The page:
Change through disruption at anti-racism summit hosted by Laurier
On March 21, the anti-racism summit, which is also the United Nations Day for the Elimination of Racial Discrimination, was held at the Holiday Inn Conference Centre in Kitchener to discuss and explore ways which university and college campuses can be more efficient in addressing the concerns of racialized students.
The focus of this summit was to develop strategies that will be sector-wide, rather than putting the onus on individual institutions.
Laura Mae Lindo, director of Wilfrid Laurier University’s Diversity and Equity Office, said in order to address racism, this shift in focus is important.
“If we’re addressing racism, and we recognize that racism is systemic, then we have to address it from the sector. We can’t eliminate it as an individual institution within the sector,” she said.
The summit was attended by over 150 individuals who held senior administrator positions at their respective institutions. It ran throughout the day and was split into three sessions that addressed topics such as racial justice through sector-wide initiatives, telling stories from institutions and students about racism and putting these stories into practice.
Leah Gazan is currently teaching at the University of Winnipeg and is a member of the Wood Mountain Lakota Nation.
Gazan hosted the second session which consisted of a panel with Drew Hayden Taylor, writer-in-residence at Laurier and Samantha Clarke, a social work educator at Laurier.
“We just need a place in the circle,” she said.
Drew Hayden Taylor is from the Curve Lake First Nations and uses his aboriginal perspective in his work. At the summit, Taylor said he tries to bridge those gaps with those familiar and unfamiliar with the native community through literature and storytelling.
“I’m a firm believer that the universal language is storytelling. Every culture likes stories, every culture listens to stories and very often those stories define that culture,” he said.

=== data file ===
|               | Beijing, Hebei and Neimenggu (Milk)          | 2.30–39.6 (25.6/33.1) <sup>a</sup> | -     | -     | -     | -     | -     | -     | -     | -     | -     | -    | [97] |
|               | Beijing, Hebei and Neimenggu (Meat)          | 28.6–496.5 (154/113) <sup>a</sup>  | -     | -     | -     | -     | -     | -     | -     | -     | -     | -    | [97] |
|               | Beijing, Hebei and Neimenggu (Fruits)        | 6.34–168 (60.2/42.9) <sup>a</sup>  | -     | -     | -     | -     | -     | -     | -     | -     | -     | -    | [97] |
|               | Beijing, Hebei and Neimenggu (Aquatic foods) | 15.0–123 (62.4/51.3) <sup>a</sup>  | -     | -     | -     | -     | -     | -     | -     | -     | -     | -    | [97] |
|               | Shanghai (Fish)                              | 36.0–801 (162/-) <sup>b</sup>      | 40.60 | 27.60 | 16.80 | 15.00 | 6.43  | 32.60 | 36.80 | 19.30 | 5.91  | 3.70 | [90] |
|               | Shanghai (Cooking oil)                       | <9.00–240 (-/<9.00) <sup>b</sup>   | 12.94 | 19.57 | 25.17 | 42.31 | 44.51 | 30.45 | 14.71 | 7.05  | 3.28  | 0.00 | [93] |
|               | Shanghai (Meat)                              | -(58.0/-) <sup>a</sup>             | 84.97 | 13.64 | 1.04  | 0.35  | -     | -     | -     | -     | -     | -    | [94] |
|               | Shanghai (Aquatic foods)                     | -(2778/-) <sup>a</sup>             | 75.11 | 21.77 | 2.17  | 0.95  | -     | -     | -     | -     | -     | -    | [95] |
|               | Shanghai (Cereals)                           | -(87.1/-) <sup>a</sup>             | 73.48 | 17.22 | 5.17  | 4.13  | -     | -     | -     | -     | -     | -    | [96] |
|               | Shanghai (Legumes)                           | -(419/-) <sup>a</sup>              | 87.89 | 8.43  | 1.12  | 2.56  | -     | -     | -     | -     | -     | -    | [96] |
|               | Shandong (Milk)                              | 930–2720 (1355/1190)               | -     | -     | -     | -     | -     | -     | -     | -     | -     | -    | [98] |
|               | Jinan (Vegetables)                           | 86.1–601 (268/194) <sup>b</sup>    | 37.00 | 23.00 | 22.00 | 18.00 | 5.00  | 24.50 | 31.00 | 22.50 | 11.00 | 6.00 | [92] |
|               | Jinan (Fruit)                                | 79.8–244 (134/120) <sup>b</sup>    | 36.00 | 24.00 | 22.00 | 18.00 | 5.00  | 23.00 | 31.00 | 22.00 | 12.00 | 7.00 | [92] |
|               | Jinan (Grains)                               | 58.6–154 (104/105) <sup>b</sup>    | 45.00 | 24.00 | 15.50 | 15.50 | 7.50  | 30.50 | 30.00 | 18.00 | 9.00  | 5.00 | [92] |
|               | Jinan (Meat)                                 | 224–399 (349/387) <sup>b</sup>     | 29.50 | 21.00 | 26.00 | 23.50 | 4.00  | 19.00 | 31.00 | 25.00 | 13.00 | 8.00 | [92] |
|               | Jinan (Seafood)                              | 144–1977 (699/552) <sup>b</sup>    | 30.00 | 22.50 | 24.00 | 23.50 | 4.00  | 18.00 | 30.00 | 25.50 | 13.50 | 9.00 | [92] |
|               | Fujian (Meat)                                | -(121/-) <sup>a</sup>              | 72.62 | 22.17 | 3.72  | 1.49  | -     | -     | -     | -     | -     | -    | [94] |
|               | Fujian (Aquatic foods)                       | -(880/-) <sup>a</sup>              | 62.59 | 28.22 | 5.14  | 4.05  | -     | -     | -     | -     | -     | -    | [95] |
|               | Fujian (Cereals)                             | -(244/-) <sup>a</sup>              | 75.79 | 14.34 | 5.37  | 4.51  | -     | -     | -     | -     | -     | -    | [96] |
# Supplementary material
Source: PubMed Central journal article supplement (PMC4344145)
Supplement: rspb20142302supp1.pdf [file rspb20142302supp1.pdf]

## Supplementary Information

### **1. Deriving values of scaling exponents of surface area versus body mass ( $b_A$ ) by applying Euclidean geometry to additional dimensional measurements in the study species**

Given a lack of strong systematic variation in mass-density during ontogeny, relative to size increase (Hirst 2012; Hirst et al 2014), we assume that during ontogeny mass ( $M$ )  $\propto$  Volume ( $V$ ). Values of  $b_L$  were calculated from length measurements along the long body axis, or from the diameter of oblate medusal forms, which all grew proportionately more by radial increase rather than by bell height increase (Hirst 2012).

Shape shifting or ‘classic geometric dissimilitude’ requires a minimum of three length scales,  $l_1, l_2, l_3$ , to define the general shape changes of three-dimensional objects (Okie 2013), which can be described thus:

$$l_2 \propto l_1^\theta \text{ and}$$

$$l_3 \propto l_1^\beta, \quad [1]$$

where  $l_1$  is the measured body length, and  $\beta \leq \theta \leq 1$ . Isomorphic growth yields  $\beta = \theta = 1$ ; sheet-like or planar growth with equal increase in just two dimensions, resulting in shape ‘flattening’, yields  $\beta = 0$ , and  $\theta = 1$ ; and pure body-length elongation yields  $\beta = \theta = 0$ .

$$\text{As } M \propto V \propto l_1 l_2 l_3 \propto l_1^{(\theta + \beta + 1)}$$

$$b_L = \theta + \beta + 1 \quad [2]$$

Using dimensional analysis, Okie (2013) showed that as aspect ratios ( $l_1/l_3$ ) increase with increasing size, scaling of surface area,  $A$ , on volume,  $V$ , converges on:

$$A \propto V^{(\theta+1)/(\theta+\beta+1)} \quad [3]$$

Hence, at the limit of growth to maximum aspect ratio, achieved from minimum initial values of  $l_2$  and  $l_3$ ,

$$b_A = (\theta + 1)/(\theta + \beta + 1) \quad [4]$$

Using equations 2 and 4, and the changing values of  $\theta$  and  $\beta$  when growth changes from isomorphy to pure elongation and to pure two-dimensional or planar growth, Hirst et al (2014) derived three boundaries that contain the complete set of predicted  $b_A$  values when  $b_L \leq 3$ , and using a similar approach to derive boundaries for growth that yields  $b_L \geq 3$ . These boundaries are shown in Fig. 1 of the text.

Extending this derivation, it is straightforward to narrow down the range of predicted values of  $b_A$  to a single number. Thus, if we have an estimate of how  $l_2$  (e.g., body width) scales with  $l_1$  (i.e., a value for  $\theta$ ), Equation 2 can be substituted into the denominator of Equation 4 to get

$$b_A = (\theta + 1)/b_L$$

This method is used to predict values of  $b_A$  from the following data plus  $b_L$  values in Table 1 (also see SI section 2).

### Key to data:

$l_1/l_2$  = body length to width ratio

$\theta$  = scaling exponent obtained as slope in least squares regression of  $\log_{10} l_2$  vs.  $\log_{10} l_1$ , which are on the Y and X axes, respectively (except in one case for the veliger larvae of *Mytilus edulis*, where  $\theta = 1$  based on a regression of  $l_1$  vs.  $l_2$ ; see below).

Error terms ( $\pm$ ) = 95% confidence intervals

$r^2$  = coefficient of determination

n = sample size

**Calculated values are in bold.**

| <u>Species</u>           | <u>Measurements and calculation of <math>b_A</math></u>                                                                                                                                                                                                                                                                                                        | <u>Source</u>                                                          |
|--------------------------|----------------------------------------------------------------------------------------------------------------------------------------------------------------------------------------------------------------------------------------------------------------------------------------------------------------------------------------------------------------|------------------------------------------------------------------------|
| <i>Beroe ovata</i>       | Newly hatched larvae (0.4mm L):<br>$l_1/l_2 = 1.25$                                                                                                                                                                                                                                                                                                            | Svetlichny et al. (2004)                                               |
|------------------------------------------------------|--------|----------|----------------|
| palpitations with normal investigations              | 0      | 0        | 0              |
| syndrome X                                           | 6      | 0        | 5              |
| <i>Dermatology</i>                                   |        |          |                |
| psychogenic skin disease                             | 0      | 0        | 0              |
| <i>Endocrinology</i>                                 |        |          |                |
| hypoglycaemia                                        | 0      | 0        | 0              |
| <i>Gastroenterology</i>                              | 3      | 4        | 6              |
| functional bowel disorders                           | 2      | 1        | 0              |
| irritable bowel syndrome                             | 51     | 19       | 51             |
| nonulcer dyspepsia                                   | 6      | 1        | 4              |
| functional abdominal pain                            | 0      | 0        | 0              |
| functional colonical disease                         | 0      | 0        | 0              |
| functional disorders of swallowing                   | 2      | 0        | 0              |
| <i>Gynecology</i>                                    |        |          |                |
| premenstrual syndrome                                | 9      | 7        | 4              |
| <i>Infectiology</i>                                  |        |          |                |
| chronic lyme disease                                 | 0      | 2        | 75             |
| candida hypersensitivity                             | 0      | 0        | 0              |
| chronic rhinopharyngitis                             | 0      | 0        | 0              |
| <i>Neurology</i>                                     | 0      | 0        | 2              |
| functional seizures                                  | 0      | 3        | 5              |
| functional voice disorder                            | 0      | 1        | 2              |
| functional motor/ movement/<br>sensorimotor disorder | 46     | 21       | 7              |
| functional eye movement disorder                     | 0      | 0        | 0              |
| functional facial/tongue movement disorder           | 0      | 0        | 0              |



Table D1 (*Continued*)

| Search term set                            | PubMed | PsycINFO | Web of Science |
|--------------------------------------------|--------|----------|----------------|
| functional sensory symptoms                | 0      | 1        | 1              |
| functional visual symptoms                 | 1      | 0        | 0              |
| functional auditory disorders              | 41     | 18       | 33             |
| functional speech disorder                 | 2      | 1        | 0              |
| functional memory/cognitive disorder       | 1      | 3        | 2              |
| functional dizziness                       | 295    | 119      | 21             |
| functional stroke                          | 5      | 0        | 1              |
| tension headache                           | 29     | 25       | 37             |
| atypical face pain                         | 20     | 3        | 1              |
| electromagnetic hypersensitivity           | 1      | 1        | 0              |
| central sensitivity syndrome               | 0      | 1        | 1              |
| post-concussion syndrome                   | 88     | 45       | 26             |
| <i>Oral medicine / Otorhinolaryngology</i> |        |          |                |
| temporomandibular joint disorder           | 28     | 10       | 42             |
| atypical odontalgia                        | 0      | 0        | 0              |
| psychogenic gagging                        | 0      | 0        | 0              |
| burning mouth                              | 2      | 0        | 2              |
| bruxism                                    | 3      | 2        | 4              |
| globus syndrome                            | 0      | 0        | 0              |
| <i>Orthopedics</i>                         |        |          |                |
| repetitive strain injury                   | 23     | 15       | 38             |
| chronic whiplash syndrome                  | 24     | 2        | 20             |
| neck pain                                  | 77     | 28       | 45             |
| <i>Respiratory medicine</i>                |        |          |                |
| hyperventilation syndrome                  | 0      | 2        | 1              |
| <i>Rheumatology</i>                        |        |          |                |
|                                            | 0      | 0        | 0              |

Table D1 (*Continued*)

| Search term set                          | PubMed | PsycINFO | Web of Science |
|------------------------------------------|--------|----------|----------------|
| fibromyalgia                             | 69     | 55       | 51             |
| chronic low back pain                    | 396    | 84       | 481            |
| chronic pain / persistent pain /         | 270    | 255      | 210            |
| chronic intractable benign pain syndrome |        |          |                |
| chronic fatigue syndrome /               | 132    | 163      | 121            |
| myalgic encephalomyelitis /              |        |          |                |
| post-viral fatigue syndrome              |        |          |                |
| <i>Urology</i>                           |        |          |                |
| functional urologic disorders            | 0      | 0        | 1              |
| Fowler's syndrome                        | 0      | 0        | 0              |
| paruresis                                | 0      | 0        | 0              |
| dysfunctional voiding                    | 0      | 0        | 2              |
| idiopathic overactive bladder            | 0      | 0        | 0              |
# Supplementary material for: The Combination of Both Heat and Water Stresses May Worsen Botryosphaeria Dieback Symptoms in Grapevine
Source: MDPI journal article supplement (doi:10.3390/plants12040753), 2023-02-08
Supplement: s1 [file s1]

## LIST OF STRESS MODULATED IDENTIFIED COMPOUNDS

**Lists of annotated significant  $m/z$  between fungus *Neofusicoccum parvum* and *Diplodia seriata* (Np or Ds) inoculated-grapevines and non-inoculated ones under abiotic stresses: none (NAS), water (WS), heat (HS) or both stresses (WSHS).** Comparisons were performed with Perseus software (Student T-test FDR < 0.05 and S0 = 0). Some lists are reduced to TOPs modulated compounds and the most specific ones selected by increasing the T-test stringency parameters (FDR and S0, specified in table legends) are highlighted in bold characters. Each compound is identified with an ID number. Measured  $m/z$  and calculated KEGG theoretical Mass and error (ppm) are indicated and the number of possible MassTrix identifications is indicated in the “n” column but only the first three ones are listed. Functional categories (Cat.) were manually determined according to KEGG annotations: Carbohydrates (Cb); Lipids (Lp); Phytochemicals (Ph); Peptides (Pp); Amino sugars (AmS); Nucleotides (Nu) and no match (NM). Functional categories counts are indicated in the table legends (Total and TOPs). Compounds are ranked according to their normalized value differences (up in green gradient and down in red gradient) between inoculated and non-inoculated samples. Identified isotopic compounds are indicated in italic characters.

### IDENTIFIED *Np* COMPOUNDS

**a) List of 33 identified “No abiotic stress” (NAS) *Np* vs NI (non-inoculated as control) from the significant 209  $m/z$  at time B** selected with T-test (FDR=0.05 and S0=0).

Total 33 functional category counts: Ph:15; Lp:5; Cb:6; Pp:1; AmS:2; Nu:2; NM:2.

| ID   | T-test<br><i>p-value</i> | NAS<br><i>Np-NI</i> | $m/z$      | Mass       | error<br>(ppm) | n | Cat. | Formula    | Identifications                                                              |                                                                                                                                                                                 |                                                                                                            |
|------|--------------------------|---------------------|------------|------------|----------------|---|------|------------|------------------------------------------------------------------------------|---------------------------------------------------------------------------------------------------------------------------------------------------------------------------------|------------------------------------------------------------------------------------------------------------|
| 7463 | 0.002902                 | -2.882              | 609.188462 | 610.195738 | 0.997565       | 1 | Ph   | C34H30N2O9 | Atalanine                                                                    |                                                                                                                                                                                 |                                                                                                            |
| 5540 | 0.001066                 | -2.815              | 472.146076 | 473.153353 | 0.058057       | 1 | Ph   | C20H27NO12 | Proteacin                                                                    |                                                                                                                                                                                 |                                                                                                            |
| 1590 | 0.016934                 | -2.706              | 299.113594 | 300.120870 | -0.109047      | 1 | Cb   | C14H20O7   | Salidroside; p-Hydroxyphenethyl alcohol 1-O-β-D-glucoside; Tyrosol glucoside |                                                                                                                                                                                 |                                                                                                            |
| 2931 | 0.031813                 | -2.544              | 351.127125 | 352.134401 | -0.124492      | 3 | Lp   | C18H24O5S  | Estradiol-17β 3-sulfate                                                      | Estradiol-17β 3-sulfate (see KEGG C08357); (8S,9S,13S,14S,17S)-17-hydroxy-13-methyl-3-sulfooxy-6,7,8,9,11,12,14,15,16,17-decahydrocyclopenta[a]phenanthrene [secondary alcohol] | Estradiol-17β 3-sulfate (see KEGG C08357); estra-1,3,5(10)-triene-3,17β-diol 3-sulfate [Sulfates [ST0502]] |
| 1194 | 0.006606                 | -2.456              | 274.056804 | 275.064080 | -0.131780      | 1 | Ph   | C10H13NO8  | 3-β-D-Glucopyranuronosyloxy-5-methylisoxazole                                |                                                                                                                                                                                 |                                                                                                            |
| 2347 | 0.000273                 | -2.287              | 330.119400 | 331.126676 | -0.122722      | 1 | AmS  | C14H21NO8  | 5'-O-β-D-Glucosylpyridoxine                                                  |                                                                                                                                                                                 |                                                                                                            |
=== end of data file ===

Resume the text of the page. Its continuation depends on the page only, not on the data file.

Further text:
Clarke stressed the importance of inclusion and creating spaces in which students of colour and their knowledge can be legitimized and respected.
Towards the end of the summit, Lindo said there were a number of concrete actions the attendees discussed. The Chief Commissioner of the Human Rights Commission, Renu Mandhane, suggested the collection of race-based data for students. This data would be used to create the support that students are asking for.
Another topic was the support needed with the plan to indigenize campuses. An example would be if there was an increase in the number of indigenous students and how this would impact faculty and staff. A solution that was brought forward was the creation of mentorship opportunities for indigenous students.
“What I found fascinating and what I think is really important to emphasize is that the reason for creating these mentorship opportunities is that these students are leaders and mentors, but it’s that we have not recognized that mentorship within the indigenous students that we even have on campus now,” Lindo said.
Lindo has also been trying to advocate for an anti-racism policy that is sector-wide.
“We can approach racism as an individual thing and there’s a person that’s acting in a way that’s racist and you can stop them. But the reality is that the way that the systems have been structured, they’ve been structured initially without certain people at the table and without their needs being considered,” she said.
Lindo indicated that the second shift, which must take place is the need to name things as they are. With racism, it is important to specify islamophobia or anti-black racism to address the “root cause.”
“There was some real conversations … Some people said we are talking about diversity here and we’re talking about anti-black racism and it’s super powerful, it’s sometimes felt as disruptive,” Lindo said. “But it’s something that we have to disrupt the system, if we want to change the system.”